The Queen was after all, still dead

Is it over? Can I go to Centre Parcs now? Can I ride my bike? I may have had my operation cancelled or needed emergency access to the food bank but thank goodness I could feel proud to be British.

Queen Elizabeth funeral procession down Mall

Of course, the full ten days was a spectacle. The country may be misfiring and spluttering, but we are still genius at the precision and awe of pomp and ceremony. The funeral march was a cinematic feast, a hypnotic display of male, Christian, military, patriarchal power celebrating the ultimate matriarch.

The ten days were moving and fascinating, absurd and cringing. There was Charles’s Ascension to the throne, when old men in medieval jackets, tights and buckled shoes cosplayed Blackadder with self-importance.

Nicholas Witchell was like a pantomime dame cranked down with Valium, sparring with Huw Edwards as to who could be the most solemn and hushed. I knew more about the Queen’s whereabouts dead than I did when she was alive. You half-expected Witchell to whisper solemnly: “we’ve had a report from the Queen’s anatomical technology pathologist and Her Majesty has now entered the first stages of decomposition and is moving towards rigor mortis with typical grace and dignity.”

By the third day Huw Edwards had the 1,000 yard stare as he promised “another solemn occasion”.  At points he started talking slowly as he surveyed the endless plains of 24-hour television stretched before him, but with nothing new to say. The Queen was after all, still dead.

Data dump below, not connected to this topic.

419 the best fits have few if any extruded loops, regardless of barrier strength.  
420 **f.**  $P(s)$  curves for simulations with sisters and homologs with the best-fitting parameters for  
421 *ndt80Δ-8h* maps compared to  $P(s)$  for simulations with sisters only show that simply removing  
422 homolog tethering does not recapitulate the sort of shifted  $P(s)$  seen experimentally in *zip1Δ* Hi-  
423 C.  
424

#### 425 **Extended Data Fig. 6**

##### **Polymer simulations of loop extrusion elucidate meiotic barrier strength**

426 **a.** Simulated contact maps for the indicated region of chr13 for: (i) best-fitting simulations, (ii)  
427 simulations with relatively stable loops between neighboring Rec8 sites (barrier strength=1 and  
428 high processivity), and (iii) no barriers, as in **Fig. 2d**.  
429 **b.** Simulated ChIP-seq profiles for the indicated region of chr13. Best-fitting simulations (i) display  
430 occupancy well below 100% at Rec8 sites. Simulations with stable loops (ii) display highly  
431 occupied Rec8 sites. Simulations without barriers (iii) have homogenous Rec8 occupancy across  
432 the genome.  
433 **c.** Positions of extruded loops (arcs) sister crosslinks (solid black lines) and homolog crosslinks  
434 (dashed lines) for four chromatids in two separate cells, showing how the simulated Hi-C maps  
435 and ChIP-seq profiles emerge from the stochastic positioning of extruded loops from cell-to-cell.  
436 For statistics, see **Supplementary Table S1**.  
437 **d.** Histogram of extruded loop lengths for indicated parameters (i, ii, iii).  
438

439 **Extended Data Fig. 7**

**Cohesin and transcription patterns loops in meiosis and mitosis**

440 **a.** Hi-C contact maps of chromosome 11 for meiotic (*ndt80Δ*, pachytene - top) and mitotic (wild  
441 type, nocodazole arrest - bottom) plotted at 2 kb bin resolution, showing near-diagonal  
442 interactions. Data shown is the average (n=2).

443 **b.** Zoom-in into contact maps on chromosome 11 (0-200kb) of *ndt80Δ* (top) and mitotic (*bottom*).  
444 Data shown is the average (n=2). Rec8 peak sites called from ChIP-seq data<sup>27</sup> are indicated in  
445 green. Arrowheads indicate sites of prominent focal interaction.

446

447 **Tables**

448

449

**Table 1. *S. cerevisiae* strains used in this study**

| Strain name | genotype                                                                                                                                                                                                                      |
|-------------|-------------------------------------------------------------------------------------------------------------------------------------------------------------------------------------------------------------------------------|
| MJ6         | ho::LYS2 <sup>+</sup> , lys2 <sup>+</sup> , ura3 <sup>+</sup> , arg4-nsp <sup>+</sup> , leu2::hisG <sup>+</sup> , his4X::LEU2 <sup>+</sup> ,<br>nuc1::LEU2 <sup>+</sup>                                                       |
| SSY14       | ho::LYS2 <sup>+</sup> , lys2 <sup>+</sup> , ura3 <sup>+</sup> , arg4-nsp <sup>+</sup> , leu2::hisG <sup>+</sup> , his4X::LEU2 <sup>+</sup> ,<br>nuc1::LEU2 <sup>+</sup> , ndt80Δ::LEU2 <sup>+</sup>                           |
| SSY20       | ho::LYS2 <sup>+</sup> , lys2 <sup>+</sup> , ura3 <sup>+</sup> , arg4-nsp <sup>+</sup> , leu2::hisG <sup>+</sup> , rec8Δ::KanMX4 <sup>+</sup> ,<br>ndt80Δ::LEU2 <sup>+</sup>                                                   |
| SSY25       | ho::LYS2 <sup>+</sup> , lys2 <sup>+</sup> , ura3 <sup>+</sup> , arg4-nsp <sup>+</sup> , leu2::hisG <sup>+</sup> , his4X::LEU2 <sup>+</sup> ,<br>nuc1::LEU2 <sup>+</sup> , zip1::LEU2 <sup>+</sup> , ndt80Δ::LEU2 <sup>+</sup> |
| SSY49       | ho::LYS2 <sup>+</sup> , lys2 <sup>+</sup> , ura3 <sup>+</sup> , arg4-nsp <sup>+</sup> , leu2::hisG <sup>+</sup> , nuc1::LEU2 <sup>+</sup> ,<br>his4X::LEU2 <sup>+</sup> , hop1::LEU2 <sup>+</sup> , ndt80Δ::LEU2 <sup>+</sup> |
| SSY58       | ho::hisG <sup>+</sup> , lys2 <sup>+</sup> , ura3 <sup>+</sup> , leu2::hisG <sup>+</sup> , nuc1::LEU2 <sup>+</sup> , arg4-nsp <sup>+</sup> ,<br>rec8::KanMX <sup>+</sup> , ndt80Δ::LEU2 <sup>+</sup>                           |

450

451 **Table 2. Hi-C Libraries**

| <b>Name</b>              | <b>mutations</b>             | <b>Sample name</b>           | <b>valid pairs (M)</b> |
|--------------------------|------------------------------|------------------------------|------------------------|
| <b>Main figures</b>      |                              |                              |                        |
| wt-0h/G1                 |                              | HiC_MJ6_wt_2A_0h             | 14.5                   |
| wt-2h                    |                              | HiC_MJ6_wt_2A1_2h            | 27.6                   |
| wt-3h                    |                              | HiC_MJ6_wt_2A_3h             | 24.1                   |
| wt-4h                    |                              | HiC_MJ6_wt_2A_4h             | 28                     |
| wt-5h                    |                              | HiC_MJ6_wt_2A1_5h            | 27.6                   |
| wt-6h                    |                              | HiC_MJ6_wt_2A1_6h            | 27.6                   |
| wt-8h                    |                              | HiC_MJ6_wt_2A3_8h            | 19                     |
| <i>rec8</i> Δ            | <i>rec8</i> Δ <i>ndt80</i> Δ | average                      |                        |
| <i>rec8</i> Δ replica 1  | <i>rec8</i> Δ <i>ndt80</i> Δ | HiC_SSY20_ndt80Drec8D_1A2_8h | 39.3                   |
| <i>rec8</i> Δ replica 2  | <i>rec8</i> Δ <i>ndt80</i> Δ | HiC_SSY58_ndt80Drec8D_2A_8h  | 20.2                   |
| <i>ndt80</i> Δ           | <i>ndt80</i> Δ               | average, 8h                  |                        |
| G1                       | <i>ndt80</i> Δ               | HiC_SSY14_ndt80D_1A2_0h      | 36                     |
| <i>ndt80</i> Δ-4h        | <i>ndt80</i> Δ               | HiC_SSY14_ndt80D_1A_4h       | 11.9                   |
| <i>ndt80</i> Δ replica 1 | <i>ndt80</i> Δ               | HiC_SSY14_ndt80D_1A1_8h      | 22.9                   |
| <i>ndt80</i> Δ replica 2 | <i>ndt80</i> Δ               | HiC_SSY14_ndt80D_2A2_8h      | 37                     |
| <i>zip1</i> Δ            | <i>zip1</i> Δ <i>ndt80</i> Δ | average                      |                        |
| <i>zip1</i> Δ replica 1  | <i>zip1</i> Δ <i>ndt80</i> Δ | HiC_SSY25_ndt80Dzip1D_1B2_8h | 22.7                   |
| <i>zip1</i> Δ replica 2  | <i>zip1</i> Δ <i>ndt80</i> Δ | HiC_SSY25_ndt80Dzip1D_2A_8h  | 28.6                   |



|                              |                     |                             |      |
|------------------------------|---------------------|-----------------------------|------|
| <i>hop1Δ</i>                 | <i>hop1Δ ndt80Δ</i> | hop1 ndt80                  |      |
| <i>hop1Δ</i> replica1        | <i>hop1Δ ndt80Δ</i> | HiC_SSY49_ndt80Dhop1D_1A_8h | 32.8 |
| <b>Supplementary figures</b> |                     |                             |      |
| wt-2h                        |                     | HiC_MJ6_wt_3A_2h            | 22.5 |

“There are going to be so many takes on this” joked someone on social media. And indeed there were (and this is another). There’s the Queen and empire. The Queen and her corgis. The Queen and humour. The liberal Queen. The diplomatic Queen. She was the head of a genocidal empire and the only thing keeping us from the abyss of tyranny and populism. The Queen was, mostly, an enigmatic duty-bound blank so seventy years of feverish history could vomit out endless analysis and discussion. Twitter churned-up PhDs every nanosecond on what this all meant.

Twitter also saw an explosion of a brilliant British dark humour. Snowflake right-wing patriots, those noble champions for free speech and brave warriors of cancel culture wars, patrolled the hashtags to attack and abuse anyone who strayed from the accepted narrative. Patriots hate everything about their country apart from the flag.

You couldn’t get more British than a weather forecast for The Queue for a royal. Meanwhile, an elderly gentleman was dragged all around the country despite the trauma of losing his mother. How the hell did Charles manage it? He had no choice. The Queen is Dead, Long Live the King. The show must go on. We must stop anyone thinking, lest questions arise.

Here’s the thing. A relationship with your country can be complicated and messy. People want something collective, a yearning to belong to something that is bigger than them. They want to feel part of history, their history. They want their rituals. In their grief for the Queen, people see their own grief and their own passing ghosts.

I’ve certainly been watching with my parents in mind, and the passing of their age. I mix moderate republicanism, an interest in history and a fascination for crowd psychology. I’m a sucker for those Cecil Beaton photos. I can see the poignancy of a thread of history starting with a young new age descending the steps of a plane watched by a line of old men including Churchill, to a coffin descending through the floor. I can see how much this means to people. I’m surprised by the reaction around the world. The Queen was the closest we came to the Queen of the world. Four billion watched the show around the world.